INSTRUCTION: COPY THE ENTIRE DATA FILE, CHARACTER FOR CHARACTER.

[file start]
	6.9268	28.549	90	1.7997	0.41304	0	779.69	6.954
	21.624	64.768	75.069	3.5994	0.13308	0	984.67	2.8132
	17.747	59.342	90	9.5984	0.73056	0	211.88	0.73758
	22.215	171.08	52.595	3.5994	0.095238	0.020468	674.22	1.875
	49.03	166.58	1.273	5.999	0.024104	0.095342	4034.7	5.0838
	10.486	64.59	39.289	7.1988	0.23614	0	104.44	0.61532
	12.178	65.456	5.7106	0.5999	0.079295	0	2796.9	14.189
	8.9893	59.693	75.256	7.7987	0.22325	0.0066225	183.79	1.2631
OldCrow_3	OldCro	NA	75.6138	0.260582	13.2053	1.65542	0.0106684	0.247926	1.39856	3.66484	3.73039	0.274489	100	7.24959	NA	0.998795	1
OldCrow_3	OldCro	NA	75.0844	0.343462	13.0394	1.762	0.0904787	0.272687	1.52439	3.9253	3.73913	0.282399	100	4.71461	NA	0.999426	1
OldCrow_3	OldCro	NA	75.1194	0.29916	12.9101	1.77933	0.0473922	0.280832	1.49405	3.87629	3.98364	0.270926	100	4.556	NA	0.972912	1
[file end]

	6.9268	28.549	90	1.7997	0.41304	0	779.69	6.954
	21.624	64.768	75.069	3.5994	0.13308	0	984.67	2.8132
	17.747	59.342	90	9.5984	0.73056	0	211.88	0.73758
	22.215	171.08	52.595	3.5994	0.095238	0.020468	674.22	1.875
	49.03	166.58	1.273	5.999	0.024104	0.095342	4034.7	5.0838
	10.486	64.59	39.289	7.1988	0.23614	0	104.44	0.61532
	12.178	65.456	5.7106	0.5999	0.079295	0	2796.9	14.189
	8.9893	59.693	75.256	7.7987	0.22325	0.0066225	183.79	1.2631
OldCrow_3	OldCro	NA	75.6138	0.260582	13.2053	1.65542	0.0106684	0.247926	1.39856	3.66484	3.73039	0.274489	100	7.24959	NA	0.998795	1
OldCrow_3	OldCro	NA	75.0844	0.343462	13.0394	1.762	0.0904787	0.272687	1.52439	3.9253	3.73913	0.282399	100	4.71461	NA	0.999426	1
OldCrow_3	OldCro	NA	75.1194	0.29916	12.9101	1.77933	0.0473922	0.280832	1.49405	3.87629	3.98364	0.270926	100	4.556	NA	0.972912	1